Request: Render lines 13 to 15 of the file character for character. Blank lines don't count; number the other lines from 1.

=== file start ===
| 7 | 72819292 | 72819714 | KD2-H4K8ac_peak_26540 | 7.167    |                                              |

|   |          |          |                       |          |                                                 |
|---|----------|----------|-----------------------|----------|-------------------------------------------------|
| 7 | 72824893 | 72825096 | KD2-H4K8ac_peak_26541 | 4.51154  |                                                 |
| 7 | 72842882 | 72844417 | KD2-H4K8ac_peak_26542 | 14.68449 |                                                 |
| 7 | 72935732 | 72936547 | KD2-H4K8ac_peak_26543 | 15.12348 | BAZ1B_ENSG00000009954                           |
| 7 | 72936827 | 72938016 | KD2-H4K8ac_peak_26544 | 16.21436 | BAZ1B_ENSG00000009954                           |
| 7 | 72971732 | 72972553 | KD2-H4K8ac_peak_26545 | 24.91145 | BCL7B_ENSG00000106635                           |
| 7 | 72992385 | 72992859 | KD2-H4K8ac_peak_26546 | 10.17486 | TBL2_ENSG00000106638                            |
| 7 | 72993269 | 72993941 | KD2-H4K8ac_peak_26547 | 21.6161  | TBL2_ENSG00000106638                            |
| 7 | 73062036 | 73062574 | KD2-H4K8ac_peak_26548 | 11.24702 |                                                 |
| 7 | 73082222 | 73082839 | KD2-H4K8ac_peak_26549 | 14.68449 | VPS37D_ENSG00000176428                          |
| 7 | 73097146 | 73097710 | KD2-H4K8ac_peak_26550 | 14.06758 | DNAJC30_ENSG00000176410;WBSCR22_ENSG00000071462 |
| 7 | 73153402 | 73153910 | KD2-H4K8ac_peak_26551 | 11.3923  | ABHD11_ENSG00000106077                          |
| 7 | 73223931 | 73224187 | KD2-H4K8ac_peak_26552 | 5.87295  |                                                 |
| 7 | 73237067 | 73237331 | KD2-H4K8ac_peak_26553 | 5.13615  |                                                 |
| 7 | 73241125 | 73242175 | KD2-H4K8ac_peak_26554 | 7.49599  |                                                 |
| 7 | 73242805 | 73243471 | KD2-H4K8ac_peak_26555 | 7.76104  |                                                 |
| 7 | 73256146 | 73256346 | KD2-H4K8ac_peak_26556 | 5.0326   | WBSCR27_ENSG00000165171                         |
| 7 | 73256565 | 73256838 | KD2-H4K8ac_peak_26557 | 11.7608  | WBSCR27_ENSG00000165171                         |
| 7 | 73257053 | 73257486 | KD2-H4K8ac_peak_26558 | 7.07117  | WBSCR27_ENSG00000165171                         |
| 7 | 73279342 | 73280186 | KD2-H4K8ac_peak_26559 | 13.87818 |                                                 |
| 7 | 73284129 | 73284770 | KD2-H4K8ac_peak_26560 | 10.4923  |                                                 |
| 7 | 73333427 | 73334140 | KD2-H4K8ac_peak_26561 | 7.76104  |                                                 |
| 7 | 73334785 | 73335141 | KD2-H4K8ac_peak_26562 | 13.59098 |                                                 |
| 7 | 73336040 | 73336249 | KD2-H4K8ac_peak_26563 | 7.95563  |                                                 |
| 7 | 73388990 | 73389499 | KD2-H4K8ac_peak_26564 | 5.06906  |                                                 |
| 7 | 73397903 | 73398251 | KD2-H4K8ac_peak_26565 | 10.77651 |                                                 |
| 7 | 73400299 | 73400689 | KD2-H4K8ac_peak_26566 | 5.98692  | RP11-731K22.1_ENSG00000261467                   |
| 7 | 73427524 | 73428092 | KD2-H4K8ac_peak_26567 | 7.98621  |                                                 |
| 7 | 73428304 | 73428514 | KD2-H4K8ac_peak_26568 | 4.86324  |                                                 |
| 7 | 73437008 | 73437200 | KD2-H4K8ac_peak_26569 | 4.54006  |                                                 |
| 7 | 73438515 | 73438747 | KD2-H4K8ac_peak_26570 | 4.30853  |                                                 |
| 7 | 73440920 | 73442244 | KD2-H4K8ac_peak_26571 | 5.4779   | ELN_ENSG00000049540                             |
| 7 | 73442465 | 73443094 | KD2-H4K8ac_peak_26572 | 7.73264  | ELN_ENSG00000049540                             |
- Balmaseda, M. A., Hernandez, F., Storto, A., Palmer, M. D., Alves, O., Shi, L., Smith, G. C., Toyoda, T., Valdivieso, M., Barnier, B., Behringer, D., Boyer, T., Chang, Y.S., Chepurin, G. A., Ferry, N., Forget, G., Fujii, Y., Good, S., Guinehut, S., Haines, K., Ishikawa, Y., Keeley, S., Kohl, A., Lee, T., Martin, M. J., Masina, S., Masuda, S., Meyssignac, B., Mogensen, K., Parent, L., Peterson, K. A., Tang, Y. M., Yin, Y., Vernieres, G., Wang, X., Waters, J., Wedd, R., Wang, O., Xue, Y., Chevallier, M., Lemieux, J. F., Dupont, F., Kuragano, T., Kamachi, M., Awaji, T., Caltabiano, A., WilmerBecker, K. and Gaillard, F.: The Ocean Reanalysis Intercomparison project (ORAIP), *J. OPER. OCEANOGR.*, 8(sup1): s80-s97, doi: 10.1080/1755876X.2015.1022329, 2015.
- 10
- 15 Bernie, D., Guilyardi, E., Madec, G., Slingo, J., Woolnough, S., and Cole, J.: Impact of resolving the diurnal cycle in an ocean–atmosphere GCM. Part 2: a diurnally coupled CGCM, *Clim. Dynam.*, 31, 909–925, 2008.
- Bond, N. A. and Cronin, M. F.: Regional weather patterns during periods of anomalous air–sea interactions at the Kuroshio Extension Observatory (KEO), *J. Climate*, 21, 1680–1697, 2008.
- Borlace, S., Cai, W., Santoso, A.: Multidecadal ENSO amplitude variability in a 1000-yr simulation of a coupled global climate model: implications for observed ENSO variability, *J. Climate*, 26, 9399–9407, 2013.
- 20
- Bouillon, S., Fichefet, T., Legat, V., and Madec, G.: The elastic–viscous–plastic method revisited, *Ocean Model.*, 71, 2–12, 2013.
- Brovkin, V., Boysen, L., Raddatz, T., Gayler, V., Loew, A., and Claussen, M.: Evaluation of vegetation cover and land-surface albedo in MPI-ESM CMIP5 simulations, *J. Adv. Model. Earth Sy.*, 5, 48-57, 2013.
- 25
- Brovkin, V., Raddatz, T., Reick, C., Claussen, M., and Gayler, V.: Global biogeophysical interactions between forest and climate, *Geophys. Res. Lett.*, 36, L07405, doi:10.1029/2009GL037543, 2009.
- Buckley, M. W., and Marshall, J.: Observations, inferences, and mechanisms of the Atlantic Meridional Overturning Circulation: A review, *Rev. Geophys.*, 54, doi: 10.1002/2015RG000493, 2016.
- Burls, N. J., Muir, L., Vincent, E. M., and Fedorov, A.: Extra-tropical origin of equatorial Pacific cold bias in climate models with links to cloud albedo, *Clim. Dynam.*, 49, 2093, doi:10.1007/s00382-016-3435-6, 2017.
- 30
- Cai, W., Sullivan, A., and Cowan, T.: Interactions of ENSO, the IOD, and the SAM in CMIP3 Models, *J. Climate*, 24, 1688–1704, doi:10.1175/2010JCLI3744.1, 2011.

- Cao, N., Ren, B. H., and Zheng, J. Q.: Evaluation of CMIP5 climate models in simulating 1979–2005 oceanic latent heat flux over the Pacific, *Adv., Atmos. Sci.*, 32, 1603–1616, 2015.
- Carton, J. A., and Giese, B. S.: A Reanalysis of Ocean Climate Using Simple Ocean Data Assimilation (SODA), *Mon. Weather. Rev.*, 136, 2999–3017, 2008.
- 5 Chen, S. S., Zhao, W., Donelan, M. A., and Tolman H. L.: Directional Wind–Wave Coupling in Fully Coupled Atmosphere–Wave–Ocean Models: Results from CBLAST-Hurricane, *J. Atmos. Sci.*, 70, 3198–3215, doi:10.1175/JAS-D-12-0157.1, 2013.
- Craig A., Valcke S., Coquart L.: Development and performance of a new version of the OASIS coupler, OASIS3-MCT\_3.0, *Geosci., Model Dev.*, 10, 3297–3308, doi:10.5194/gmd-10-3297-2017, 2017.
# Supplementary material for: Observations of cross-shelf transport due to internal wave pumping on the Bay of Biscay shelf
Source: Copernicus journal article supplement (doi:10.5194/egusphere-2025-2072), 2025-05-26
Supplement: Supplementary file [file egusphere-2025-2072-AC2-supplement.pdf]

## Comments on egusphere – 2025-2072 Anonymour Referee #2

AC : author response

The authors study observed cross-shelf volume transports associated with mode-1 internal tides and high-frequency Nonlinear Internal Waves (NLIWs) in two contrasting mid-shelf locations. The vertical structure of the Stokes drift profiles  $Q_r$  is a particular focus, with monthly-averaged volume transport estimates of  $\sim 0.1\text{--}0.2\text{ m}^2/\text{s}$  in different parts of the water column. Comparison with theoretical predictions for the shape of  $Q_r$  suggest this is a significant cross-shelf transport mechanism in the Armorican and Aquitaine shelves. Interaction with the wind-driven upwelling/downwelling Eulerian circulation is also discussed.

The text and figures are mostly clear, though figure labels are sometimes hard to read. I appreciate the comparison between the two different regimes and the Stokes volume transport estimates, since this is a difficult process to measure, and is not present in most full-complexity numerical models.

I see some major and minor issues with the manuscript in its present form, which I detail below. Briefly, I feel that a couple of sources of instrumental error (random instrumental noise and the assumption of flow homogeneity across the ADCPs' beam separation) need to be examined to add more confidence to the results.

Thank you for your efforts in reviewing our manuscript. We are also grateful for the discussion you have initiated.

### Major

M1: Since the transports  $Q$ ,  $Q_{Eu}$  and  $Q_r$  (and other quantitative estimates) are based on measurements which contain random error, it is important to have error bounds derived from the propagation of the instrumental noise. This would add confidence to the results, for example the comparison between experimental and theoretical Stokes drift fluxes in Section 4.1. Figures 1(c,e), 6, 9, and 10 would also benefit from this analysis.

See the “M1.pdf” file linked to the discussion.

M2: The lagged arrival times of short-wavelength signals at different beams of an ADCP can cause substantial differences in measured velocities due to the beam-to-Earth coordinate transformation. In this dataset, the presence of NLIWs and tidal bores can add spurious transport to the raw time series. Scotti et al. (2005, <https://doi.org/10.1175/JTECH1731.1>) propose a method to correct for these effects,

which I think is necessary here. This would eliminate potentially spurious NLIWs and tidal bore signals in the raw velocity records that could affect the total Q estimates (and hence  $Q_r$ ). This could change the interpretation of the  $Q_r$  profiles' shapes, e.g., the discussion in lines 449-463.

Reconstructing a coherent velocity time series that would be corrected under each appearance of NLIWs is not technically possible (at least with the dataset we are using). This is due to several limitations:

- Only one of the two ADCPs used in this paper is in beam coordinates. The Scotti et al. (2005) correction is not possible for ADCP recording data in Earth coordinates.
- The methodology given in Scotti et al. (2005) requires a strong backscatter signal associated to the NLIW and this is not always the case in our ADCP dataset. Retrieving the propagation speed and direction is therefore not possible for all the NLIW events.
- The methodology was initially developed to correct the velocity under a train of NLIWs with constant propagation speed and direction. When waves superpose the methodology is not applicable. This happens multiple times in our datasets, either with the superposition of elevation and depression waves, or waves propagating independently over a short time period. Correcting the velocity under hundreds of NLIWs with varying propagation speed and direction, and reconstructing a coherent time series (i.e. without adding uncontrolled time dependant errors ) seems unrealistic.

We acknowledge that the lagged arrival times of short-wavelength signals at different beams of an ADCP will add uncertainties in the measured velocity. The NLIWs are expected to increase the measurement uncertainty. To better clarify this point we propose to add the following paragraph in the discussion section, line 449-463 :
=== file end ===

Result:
| 7 | 73097146 | 73097710 | KD2-H4K8ac_peak_26550 | 14.06758 | DNAJC30_ENSG00000176410;WBSCR22_ENSG00000071462 |
| 7 | 73153402 | 73153910 | KD2-H4K8ac_peak_26551 | 11.3923  | ABHD11_ENSG00000106077                          |
| 7 | 73223931 | 73224187 | KD2-H4K8ac_peak_26552 | 5.87295  |                                                 |